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Trump opens the door to DACA “deal” if the Supreme court of its kind in the landmark case

close tovideo Supreme court to hear arguments to Trump, is the decision end IF

The DOJ says the move is legal; constitutional law lawyer Ken Belkin weighs.

President Trump over the Obama’s Deferred Action for Childhood Arrivals (DACA) program on Tuesday morning, as the policy was, comes before the Supreme court-while dangling the possibility of protecting a deal with the Congress, the so-called dreamers, if the court his way.

The court is scheduled to hear oral arguments about the Trump administration’s plan to end the protection of DACA granted to immigrants who brought the goods into the country illegally when they were children.

Trump implies that the beneficiaries of the DACA program do not all deserve the protection that the then-President Barack Obama is in force by executive order. At the same time, the President vowed that if the Supreme court allows him to terminate the program, he and the Congress will make a deal to allow DACA recipients to remain in the United States

DACA HEADS TO THE SUPREME COURT, AND ALL EYES ARE ON CHIEF JUSTICE JOHN ROBERTS

“Many of the people who are in the DACA, no longer quite young, tweeted far away from the ‘angels,'” Trump. “Some are very hard, hard criminals. President Obama said that he had no right to, but would anyway. If the Supreme Court of appeal, with tilt, an offer will be made, with Dems for you to stay!”

DACA can get some undocumented immigrants who as children — known as dreamers — the chance, for a renewable period of two years of deferred action from deportation and eligible for work permits. Almost 700,000 people are currently covered by DACA.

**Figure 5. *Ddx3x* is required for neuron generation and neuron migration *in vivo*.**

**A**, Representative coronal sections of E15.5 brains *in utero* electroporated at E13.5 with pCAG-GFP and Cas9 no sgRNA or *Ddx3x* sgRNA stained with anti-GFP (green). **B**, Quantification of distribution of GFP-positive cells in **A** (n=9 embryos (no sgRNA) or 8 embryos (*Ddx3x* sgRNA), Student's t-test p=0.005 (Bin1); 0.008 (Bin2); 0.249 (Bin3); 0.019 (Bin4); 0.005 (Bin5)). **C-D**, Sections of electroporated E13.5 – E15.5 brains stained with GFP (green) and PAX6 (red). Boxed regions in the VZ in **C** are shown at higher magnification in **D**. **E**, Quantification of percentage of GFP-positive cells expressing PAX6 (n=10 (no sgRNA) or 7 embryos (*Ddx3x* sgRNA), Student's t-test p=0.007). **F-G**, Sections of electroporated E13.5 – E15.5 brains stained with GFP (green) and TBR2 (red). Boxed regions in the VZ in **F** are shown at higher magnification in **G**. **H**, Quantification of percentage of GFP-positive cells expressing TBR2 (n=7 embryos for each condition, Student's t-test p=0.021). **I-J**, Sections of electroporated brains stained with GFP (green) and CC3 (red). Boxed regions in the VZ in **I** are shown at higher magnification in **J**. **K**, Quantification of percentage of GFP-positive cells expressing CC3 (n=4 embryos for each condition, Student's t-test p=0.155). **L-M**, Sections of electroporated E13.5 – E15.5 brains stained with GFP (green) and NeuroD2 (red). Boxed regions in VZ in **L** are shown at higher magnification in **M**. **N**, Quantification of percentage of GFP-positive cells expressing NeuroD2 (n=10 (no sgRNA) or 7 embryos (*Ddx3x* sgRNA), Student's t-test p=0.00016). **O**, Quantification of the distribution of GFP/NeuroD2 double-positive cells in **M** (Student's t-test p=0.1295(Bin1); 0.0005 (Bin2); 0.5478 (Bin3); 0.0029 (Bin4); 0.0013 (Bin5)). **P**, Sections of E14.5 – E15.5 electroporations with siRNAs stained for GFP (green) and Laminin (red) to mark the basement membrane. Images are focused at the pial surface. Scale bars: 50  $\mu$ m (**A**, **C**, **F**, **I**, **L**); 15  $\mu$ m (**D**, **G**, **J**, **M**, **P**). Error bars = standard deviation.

The Trump administration announced its plan to phase out the program in 2017, only for the Federal courts rule that it could not apply retroactively and that DACA should be restarted in full. The White house fought back on those decisions, says the President broad powers over immigration enforcement policy.

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DACA advocates have argued that Trump will be changed if the planned termination is against Federal law, adequate notice-and-comment in the time before certain Federal rules, as well as other constitutional equal protection and due process guarantees.

The Supreme Court took the unusual step of recording the cases before it belongs completely to the lower court level. The Federal courts, injunctions, have issued nationwide, the administration blocked the plans, at least for now.

Fox News’ Shannon Bream, Bill Mears and Edmund DeMarche contributed to this report.

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